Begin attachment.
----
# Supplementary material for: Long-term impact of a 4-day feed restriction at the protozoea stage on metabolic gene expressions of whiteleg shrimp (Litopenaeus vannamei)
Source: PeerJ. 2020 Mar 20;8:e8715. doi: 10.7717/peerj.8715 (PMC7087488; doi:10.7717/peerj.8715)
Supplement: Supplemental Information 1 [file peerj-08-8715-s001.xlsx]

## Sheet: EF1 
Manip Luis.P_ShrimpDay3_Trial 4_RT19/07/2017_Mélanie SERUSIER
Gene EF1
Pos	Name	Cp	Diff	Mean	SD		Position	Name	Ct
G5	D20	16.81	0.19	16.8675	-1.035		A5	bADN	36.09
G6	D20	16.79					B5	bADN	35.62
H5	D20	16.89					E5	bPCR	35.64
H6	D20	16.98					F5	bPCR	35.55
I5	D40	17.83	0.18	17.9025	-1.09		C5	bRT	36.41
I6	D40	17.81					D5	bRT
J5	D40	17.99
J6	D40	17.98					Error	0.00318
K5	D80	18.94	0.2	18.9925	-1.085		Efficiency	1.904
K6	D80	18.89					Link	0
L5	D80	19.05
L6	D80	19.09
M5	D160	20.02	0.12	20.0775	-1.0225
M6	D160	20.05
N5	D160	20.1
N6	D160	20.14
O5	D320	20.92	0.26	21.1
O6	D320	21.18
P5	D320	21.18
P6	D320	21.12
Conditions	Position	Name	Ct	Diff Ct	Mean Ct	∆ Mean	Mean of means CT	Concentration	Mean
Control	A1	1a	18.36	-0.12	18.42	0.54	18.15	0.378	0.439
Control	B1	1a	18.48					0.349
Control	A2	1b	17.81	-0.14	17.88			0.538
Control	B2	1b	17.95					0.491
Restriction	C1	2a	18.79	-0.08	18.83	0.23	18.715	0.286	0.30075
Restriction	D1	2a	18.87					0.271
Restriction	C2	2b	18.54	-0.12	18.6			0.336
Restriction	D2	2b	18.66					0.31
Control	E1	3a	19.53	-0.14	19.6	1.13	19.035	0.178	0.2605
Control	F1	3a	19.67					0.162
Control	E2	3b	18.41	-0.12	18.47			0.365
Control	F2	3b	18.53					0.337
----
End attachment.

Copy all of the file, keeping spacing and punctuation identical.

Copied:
# Supplementary material for: Long-term impact of a 4-day feed restriction at the protozoea stage on metabolic gene expressions of whiteleg shrimp (Litopenaeus vannamei)
Source: PeerJ. 2020 Mar 20;8:e8715. doi: 10.7717/peerj.8715 (PMC7087488; doi:10.7717/peerj.8715)
Supplement: Supplemental Information 1 [file peerj-08-8715-s001.xlsx]

## Sheet: EF1 
Manip Luis.P_ShrimpDay3_Trial 4_RT19/07/2017_Mélanie SERUSIER
Gene EF1
Pos	Name	Cp	Diff	Mean	SD		Position	Name	Ct
G5	D20	16.81	0.19	16.8675	-1.035		A5	bADN	36.09
G6	D20	16.79					B5	bADN	35.62
H5	D20	16.89					E5	bPCR	35.64
H6	D20	16.98					F5	bPCR	35.55
I5	D40	17.83	0.18	17.9025	-1.09		C5	bRT	36.41
I6	D40	17.81					D5	bRT
J5	D40	17.99
J6	D40	17.98					Error	0.00318
K5	D80	18.94	0.2	18.9925	-1.085		Efficiency	1.904
K6	D80	18.89					Link	0
L5	D80	19.05
L6	D80	19.09
M5	D160	20.02	0.12	20.0775	-1.0225
M6	D160	20.05
N5	D160	20.1
N6	D160	20.14
O5	D320	20.92	0.26	21.1
O6	D320	21.18
P5	D320	21.18
P6	D320	21.12
Conditions	Position	Name	Ct	Diff Ct	Mean Ct	∆ Mean	Mean of means CT	Concentration	Mean
Control	A1	1a	18.36	-0.12	18.42	0.54	18.15	0.378	0.439
Control	B1	1a	18.48					0.349
Control	A2	1b	17.81	-0.14	17.88			0.538
Control	B2	1b	17.95					0.491
Restriction	C1	2a	18.79	-0.08	18.83	0.23	18.715	0.286	0.30075
Restriction	D1	2a	18.87					0.271
Restriction	C2	2b	18.54	-0.12	18.6			0.336
Restriction	D2	2b	18.66					0.31
Control	E1	3a	19.53	-0.14	19.6	1.13	19.035	0.178	0.2605
Control	F1	3a	19.67					0.162
Control	E2	3b	18.41	-0.12	18.47			0.365
Control	F2	3b	18.53					0.337